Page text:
Where are you in the grief process? Identify it now, and look at what the next stages are likely to bring. If you feel like you’ve been stuck in one stage, find someone to talk to about it. If you feel like you need a professional counselor to help you, don’t be ashamed of that and talk to your doctor. If you become clinically depressed or simply cannot accept your new situation, you won’t be doing any good for yourself or for the sick person in your life.

Managing Your Expectations — Three Steps

Part of accepting the situation is managing your expectations. For example, my husband and I used to go for bike rides, do some hiking, maybe take a canoe out on the river. He’s had to change his expectations about how we will spend our time together. I also left my career and my income behind and hoped that I’d be able to find something I could do from home. That meant he had to change expectations about our financial future as well.

Step #1

The first step toward managing your expectations is to take an honest look at your situation and ask yourself, “What do I know about the circumstances?” Taking a little time to learn about and understand the condition will help you deal with the reality it creates.

Step #2

Second, take a long-term look at things. Think, “If things stay just as they are now for a year or longer, how will that impact me, my family, and the person who is sick?” This can be an overwhelming question, when you consider financial, emotional, social and emotional issues. Approach them one at a time and try to stay logical.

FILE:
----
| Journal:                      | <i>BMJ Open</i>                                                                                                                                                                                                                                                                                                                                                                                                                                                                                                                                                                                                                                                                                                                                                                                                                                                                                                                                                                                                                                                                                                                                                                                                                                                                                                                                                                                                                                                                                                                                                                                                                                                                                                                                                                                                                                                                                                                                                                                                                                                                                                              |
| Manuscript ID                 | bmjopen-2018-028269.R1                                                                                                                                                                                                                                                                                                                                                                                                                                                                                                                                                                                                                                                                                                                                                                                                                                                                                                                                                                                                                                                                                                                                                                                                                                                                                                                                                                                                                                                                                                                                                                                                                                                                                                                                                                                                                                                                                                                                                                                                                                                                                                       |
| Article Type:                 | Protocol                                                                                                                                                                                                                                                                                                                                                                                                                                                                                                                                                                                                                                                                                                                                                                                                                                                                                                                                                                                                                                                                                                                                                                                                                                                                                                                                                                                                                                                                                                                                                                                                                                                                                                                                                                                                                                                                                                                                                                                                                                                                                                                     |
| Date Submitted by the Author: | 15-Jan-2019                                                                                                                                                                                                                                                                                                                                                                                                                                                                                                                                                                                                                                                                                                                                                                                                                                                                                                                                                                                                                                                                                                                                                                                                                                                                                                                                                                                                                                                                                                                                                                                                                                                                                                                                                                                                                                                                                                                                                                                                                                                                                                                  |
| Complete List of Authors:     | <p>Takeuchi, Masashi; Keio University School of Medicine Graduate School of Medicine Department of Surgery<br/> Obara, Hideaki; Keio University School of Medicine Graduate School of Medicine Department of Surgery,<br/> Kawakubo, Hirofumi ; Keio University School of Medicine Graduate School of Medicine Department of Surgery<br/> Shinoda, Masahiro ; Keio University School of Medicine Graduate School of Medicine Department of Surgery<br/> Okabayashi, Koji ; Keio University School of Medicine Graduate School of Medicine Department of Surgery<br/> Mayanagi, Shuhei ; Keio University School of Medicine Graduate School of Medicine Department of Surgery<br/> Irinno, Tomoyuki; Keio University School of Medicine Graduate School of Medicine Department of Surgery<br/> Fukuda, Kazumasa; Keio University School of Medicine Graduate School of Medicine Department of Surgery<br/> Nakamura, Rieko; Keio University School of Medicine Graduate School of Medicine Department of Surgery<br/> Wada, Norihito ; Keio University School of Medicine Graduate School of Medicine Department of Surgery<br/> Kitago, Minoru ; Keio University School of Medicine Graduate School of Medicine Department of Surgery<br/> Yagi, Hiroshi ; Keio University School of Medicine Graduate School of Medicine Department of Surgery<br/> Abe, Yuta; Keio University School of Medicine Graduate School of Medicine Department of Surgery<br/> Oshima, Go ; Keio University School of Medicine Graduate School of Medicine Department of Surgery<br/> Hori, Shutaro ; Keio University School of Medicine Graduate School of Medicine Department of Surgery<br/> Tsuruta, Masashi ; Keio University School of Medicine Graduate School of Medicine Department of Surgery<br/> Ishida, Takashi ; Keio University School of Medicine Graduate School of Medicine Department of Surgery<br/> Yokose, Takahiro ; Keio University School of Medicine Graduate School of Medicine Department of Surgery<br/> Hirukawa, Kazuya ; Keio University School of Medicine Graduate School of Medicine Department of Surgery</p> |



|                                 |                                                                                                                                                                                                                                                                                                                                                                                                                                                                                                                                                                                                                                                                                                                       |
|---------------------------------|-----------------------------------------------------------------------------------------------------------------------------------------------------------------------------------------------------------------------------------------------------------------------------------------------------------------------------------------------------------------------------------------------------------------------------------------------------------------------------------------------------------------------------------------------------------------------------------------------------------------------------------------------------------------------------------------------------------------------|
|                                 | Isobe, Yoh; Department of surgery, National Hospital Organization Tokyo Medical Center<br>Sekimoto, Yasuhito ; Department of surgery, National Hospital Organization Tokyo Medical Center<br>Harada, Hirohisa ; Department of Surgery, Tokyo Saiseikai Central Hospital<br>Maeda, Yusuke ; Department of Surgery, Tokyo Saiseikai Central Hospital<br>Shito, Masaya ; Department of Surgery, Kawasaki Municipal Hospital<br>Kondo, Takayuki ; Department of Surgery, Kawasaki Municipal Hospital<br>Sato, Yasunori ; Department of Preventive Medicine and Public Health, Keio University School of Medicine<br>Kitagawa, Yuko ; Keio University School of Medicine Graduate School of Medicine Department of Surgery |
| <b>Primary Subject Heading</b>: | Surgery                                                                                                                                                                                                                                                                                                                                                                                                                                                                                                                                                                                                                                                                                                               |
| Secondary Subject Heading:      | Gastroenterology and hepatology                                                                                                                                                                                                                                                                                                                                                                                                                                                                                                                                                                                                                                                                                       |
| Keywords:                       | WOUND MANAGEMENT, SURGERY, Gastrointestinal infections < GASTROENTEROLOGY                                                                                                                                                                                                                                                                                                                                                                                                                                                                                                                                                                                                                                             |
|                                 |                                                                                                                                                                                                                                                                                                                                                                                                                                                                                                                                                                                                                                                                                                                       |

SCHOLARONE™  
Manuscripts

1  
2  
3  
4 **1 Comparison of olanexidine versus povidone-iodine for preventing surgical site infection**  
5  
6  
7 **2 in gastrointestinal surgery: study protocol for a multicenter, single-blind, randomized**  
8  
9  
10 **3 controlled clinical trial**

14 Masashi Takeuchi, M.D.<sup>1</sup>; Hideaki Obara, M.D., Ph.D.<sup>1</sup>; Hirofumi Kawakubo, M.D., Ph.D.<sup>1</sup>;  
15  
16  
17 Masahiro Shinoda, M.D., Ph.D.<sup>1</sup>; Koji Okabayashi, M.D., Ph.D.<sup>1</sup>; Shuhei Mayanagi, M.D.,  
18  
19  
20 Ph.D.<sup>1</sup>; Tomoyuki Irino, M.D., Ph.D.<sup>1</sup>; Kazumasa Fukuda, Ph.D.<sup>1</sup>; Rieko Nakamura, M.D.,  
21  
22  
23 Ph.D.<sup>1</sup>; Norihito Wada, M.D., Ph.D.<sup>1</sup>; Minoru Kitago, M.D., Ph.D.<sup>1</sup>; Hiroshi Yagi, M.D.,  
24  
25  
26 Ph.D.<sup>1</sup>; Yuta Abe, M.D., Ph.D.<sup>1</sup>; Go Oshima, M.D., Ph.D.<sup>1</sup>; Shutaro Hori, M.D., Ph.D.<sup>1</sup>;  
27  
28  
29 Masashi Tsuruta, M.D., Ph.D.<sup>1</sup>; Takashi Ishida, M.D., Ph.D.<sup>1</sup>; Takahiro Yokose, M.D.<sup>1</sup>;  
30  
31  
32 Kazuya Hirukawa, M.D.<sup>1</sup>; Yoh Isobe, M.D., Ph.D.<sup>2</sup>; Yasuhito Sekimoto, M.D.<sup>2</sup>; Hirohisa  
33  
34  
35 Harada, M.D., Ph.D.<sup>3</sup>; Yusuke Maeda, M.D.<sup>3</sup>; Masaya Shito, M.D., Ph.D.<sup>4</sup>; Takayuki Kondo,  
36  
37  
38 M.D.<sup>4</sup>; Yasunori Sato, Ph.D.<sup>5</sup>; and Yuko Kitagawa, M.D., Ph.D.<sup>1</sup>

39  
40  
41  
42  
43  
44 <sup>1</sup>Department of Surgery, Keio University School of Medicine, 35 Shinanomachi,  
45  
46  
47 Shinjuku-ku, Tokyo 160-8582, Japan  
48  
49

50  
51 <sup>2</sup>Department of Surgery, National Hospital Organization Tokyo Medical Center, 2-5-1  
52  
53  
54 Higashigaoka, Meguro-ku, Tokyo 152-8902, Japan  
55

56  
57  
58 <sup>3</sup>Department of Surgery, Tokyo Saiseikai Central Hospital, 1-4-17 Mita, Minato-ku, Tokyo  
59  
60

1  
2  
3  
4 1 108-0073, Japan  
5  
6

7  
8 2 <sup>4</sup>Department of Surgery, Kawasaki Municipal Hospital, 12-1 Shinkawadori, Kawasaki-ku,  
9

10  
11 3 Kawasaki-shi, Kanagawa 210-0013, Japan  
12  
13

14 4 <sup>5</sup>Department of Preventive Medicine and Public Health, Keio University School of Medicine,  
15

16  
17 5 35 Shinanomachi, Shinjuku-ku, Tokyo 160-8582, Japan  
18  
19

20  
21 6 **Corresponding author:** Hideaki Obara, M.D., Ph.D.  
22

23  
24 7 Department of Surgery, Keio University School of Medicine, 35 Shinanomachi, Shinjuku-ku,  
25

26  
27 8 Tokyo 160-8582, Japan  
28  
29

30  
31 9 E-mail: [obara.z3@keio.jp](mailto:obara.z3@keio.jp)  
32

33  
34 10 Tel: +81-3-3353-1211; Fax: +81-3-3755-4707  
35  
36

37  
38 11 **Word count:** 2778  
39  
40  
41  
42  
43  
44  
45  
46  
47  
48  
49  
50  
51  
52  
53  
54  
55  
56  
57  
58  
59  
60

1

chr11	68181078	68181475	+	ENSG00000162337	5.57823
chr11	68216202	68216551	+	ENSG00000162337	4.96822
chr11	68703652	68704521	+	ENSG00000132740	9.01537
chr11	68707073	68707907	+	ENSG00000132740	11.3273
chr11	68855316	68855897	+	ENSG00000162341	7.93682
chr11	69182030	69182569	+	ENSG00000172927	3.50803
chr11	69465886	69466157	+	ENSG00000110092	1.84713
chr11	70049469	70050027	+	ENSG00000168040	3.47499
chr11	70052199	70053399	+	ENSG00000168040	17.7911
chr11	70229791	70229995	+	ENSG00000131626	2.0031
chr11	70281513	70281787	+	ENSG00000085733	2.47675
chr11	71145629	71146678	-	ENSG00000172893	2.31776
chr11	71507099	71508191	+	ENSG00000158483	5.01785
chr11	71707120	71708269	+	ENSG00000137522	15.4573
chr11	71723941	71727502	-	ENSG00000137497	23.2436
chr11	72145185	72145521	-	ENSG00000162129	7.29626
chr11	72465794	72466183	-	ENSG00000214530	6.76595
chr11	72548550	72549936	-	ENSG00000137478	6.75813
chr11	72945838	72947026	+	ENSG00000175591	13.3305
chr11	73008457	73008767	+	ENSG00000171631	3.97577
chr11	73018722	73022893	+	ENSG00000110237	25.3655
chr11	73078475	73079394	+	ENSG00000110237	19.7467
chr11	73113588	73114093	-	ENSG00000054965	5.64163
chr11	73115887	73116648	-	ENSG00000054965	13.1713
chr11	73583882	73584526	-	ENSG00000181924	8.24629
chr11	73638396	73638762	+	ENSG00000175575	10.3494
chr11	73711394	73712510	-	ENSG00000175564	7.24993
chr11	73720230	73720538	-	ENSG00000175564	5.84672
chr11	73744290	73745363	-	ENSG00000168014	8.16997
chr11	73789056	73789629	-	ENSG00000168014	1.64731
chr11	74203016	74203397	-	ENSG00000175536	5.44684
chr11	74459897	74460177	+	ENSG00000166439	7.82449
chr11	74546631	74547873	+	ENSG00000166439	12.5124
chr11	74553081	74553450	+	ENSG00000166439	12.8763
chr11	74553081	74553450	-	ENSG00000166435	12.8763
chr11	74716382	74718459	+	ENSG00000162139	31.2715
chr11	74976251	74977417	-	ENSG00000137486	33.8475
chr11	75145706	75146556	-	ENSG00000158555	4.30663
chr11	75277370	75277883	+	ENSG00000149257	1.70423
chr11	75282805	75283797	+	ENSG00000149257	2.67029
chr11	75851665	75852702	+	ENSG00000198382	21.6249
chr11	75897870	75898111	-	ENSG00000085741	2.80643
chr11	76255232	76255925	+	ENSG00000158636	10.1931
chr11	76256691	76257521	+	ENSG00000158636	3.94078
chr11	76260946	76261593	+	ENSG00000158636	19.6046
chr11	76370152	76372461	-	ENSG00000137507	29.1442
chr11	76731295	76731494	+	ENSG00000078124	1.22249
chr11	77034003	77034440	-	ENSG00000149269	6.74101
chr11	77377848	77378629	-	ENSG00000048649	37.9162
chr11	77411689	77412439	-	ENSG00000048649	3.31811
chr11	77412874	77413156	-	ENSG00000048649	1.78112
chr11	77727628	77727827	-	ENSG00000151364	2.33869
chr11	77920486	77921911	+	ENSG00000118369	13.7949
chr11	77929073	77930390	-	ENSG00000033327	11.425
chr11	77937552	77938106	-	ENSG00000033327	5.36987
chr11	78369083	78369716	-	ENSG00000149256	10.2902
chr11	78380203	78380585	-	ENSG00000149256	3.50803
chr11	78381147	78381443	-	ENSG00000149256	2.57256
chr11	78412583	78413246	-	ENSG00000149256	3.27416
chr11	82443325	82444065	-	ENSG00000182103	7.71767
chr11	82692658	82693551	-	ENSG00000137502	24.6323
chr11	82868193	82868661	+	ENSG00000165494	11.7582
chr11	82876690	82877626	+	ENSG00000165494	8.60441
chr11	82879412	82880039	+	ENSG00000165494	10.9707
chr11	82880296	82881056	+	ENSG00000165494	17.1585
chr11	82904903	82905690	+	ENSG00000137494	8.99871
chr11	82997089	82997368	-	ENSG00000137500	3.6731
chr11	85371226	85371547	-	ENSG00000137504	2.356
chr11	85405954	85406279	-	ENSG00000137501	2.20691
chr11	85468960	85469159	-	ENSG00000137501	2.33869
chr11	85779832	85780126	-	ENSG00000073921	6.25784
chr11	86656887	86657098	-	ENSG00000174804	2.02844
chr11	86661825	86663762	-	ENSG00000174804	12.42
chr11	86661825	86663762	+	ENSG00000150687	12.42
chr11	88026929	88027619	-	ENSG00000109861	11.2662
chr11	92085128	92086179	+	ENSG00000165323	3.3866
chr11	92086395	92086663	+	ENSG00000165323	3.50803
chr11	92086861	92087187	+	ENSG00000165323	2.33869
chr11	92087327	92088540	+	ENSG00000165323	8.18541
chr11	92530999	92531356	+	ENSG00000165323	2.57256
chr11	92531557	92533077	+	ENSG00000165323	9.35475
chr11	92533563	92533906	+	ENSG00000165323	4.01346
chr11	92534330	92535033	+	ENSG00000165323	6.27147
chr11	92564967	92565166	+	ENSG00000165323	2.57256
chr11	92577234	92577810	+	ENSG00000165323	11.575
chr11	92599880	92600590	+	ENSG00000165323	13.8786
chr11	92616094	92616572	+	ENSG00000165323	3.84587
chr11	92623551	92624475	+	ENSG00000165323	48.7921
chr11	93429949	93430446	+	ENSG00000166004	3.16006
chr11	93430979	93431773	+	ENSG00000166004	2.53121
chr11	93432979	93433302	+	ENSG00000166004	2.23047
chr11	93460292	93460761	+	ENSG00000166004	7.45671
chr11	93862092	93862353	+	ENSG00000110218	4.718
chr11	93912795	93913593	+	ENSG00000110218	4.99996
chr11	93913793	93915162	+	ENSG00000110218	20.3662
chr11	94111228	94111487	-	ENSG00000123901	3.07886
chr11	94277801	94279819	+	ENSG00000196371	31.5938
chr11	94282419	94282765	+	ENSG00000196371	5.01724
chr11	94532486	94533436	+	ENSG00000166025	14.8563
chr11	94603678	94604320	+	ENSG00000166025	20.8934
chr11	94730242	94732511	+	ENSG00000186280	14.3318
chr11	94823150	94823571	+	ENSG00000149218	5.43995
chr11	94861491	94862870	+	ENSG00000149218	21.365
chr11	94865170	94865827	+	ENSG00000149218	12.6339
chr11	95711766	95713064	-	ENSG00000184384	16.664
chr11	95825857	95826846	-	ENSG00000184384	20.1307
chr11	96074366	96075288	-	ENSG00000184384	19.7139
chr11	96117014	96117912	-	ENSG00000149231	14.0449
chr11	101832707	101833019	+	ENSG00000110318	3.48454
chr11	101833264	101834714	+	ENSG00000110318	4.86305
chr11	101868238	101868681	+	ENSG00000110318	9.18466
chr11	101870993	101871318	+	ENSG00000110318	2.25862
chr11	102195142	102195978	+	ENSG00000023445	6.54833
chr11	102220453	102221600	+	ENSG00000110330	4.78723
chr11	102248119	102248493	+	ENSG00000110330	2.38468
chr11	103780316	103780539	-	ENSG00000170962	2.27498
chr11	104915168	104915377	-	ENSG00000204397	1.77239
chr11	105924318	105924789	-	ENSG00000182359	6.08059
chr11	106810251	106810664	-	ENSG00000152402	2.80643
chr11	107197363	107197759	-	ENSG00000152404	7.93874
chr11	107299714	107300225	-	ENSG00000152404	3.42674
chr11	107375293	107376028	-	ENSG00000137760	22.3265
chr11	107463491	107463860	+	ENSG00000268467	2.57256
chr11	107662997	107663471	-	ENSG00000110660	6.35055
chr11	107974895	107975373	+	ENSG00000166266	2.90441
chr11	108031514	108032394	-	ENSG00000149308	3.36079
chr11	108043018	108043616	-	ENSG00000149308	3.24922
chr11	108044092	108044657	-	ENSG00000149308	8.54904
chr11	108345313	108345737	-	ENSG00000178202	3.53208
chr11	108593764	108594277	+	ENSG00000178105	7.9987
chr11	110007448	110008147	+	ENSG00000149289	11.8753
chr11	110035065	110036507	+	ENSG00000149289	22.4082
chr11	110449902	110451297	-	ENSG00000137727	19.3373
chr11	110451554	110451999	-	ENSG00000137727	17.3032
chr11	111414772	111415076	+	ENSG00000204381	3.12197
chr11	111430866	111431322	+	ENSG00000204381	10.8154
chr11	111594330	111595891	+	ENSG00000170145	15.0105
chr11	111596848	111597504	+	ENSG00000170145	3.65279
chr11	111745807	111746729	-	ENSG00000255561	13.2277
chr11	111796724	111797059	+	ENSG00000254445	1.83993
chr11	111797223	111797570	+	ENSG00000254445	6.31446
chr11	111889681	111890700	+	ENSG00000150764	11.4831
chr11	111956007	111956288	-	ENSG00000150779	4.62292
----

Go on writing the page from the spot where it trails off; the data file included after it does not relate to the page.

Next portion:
Once you’ve identified what is likely to change, allow yourself to grieve for the things that have to fall by the wayside (at least for now) and let them go. Then focus on the areas where you foresee big problems and work toward realistic solutions.

Step #3

Don’t feel like you’re alone in finding solutions. Involve your sick loved one as much as possible, call on friends, family, doctors, clergy, social services, your insurance company and anyone else who may be able to help you find ways to get through this.

Moving On With Your Life

Once you’ve gone through the stages of grief and the steps outlined above for changing your expectations, you’ll likely be better equipped to move forward with your life and to be supportive of the sick person in your life. On behalf of that person, I thank you for taking the time to care.